David may be struggling with a notoriously difficult chronic illness that makes performing even the simplest of physical activities a real challenge, but, no doubt with Dulcie’s endless support (and, of course, the support of a full-time nurse), he doesn’t let it define him – certainly not on the evidence of my short time with them.

With a Bachelors of Science degree in physics and applied mathematics, a Masters in electrical engineering, and an additional mechanical engineering degree in recognition of his extensive work in and contribution to the field in the mining industry, David has never been what anyone would confuse for a fool – and even as he celebrates his ninetieth birthday this March, he still comes across as intimidatingly intelligent and is able to recall the details of his past with remarkable lucidity.

A Passion Rediscovered

Parkinson’s or no Parkinson’s, David’s retirement has proven to be what Dulcie calls “a true gift from Hashem”. Along with being able to spend far more time with family (even as his one daughter and her family live in Australia) after decades in a highly pressurised and time-consuming job, David has also returned to something that was a passion for him in his youth, but one that he had to largely abandon through his years of raising a family and holding crucial positions in the mining industry: painting.

Well before heading off to study the sciences in university, David showed himself to be a very talented artist; certainly one good enough to join UCT’s art school from grade three! Art was not to be his vocation, but it was something that informed his professional life in surprising ways, and, after finally retiring from the work that took up much of his time for thirty-seven years, he would return to it later in life too. Even Parkinson’s Disease couldn’t stop that.

People who are this skilled in both art and the sciences are undeniably rare, but his artistic instincts were to play an important role in his designing often quite ground-breaking (if you pardon the pun) mining machinery. His innovative approach to design would ensure that he influenced not only the South African mining industry, but worldwide mining as a whole. Conversely, even as his art informed his science, science has also greatly impacted his art as he employs what is known as the “Golden Mean” in his paintings.

The Golden Mean – or, as it is otherwise known, the Golden Ratio, the Golden Section, or, most evocatively, the Fibonacci Number – is a mathematical ratio found throughout nature that, when applied to art, architecture, or design, results in works that are particularly pleasing or “natural” to the human eye. It’s a method that was and is used by a number of great artists, not least of which was Leonardo Davinci, whose Last Supper is a classic example of Golden-Mean-derived artwork. It’s no doubt just one of many reasons why the beautiful landscapes painted by David are so immediately appealing and eye-catching.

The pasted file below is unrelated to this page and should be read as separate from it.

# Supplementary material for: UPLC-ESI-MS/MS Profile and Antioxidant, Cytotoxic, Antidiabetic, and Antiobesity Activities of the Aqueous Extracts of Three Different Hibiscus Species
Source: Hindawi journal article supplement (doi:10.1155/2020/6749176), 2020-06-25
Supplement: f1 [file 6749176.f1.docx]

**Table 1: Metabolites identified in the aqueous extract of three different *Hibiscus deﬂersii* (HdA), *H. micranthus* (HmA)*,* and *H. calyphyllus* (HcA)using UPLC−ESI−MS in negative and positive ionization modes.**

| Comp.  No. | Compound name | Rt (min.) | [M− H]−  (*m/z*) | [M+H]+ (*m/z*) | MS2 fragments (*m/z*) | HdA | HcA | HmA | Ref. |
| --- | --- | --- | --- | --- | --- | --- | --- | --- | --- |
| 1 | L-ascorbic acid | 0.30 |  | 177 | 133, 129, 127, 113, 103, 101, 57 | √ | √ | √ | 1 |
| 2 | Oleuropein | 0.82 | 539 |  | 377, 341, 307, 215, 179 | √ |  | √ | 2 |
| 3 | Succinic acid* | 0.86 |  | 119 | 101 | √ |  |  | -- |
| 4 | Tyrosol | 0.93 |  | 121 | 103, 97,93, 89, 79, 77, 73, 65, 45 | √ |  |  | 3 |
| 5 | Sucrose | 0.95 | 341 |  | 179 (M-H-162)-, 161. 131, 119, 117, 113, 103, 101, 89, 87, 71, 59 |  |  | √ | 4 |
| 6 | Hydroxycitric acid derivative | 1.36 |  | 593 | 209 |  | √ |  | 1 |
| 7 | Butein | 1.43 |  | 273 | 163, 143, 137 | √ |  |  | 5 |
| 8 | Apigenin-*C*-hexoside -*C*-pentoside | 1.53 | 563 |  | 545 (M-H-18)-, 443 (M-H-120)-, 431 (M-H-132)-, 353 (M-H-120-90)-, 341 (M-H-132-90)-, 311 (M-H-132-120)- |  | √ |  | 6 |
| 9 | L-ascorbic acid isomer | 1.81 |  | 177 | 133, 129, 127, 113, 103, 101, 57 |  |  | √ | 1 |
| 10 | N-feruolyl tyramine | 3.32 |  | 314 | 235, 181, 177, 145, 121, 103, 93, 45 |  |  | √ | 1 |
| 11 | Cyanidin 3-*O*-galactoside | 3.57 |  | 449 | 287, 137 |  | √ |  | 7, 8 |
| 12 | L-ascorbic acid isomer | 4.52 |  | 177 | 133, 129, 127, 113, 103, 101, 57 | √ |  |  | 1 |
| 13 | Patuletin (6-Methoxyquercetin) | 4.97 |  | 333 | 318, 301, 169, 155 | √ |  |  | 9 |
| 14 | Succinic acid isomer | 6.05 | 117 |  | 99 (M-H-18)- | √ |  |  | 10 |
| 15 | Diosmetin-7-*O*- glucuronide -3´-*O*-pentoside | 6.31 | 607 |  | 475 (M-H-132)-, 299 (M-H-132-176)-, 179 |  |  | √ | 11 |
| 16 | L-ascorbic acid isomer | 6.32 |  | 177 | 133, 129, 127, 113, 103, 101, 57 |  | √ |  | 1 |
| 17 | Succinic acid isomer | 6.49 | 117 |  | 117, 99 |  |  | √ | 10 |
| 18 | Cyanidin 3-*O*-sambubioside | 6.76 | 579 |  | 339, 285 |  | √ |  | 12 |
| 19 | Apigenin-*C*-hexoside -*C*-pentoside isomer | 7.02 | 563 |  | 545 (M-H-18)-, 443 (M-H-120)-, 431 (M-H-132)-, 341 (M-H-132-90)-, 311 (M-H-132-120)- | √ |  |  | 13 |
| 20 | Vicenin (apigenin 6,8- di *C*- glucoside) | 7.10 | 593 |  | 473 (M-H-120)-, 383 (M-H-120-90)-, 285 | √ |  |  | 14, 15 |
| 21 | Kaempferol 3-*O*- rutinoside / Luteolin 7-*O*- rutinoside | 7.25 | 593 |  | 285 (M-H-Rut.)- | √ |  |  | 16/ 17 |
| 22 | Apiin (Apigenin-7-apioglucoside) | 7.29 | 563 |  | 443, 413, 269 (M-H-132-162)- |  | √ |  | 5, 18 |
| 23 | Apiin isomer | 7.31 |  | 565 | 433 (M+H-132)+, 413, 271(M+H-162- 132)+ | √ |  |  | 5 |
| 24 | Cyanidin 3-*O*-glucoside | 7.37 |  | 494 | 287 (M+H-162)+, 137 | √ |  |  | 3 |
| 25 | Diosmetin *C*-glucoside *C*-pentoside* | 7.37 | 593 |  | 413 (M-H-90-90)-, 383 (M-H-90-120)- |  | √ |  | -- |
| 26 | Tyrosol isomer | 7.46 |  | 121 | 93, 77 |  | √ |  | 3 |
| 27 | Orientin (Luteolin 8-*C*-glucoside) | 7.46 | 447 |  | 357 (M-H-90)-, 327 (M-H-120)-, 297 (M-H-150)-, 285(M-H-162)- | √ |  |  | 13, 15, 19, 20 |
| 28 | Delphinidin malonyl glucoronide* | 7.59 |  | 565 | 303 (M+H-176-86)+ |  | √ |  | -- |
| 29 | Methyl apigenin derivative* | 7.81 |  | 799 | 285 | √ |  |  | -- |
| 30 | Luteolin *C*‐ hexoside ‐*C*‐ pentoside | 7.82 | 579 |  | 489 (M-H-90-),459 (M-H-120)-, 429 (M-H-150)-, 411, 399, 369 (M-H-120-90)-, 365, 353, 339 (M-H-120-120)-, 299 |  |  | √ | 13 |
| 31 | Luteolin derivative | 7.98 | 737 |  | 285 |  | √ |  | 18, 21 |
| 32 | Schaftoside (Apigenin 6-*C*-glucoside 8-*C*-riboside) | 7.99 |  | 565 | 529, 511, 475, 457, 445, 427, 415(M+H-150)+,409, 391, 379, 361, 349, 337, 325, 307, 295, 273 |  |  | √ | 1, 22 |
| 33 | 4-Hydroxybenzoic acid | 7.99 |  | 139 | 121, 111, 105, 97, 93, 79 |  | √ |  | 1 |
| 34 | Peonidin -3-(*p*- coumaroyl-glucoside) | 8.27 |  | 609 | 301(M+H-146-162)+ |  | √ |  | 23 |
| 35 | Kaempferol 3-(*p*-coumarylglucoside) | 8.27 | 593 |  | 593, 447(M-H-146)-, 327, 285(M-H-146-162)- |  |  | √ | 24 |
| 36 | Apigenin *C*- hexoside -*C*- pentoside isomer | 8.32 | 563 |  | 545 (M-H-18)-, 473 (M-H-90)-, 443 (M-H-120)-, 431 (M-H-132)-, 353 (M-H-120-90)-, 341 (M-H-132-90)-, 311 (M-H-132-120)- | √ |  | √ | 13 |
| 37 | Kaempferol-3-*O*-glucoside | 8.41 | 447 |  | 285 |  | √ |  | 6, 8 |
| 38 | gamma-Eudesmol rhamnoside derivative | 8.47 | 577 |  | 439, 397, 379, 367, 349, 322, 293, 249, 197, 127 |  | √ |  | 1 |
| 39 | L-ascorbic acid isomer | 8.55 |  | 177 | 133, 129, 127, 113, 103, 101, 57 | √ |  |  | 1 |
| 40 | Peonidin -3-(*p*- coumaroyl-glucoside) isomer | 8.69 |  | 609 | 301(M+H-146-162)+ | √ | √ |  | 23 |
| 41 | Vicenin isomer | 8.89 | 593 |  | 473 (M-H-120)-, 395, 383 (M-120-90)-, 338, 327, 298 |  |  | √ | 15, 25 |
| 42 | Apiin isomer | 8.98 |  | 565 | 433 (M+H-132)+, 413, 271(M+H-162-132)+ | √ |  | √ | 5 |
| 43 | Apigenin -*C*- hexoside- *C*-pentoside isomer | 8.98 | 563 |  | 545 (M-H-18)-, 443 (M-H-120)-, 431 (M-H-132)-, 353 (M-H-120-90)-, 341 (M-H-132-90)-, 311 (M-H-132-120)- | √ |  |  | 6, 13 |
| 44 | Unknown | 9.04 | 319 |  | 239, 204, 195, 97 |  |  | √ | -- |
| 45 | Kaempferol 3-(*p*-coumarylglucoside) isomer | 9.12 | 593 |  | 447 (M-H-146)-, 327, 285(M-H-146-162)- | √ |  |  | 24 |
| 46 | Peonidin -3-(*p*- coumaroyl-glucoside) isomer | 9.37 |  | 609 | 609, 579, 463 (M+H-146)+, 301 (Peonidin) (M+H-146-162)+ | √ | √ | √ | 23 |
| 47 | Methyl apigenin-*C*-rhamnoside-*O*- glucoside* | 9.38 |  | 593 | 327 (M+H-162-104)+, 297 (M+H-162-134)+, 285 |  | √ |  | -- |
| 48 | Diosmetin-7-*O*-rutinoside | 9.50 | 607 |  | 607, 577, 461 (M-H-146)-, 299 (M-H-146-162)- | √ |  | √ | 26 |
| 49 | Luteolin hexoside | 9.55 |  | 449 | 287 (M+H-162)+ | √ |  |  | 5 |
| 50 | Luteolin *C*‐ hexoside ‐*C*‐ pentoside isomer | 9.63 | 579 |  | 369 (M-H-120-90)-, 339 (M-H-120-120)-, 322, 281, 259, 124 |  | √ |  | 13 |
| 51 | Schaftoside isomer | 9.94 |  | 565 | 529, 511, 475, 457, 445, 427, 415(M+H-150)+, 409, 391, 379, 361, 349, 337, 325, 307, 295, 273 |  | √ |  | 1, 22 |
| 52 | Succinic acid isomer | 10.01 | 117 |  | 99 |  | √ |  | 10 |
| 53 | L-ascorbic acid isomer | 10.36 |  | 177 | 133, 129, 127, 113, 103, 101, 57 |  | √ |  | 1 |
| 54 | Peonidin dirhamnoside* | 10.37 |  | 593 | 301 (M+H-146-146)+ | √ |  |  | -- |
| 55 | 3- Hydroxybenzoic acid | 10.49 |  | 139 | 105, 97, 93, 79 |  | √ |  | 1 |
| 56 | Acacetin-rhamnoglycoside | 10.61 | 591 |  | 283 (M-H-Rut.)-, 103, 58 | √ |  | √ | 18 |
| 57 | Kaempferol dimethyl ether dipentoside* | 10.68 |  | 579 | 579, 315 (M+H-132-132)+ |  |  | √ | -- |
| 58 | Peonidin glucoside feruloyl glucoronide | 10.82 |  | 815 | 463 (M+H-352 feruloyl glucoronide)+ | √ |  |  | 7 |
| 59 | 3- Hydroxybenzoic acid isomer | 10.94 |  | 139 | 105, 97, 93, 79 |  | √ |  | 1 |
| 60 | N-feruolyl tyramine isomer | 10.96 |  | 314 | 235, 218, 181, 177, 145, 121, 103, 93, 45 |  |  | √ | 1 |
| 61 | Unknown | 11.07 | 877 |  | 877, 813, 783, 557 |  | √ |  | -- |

Here’s the kicker, though: Parkinson’s didn’t put an end to David’s art. In the three or so years that David and Dulcie have been living in JAFFA, David has painted eight separate pieces, including ones on display in JAFFA itself and included in the JAFFA calendar. With the help of an occupational therapist at JAFFA, David has been able to work on his art, creating the beautiful watercolours that you see on these pages.

By making use of pointillism – a painting technique where small strokes of the paintbrush come together to form a complete picture (think of how a computer monitor forms “solid” images) that was used by the likes of Vincent Van Gogh – and timing his sessions with when his medications are at their most effective, David hasn’t just been able to continue to paint, but has been able to create beautiful works of art that look entirely uncompromised by his physical condition.

At the same time, being able to paint has proven to be extremely therapeutic for David – at least, it has according to Dulcie; David, quite understandably, is slightly more sceptical. It’s hard to imagine that it isn’t, though. There’s something immensely soothing about just looking at his depictions of Cape Town and Namaqualand; I could only imagine what it’s like to create them. According to Dulcie, for a few hours at a time at least, the focus and will that David pours into each and every brush-stroke actually holds the symptoms of the disease at bay, however momentarily.

Living Miracles

As South African Jews who just narrowly missed the Holocaust by having their Lithuanian parents and grandparents move to South Africa in the years prior, Dulcie calls herself and David “nissim” (miracles), and you get the sense from talking to them that they have lived their lives as a response to that. Whether it’s through their on-going commitment to Jews and Judaism or the way they have stuck together through thick and thin, refusing to let adversity drag them down, David and Dulcie’s sixty years of marriage is a shining example of not taking the gift of life for granted.

Thank you to Chana Sifris and Rivka Goldberg (the Braude’s granddaughter) for this story idea.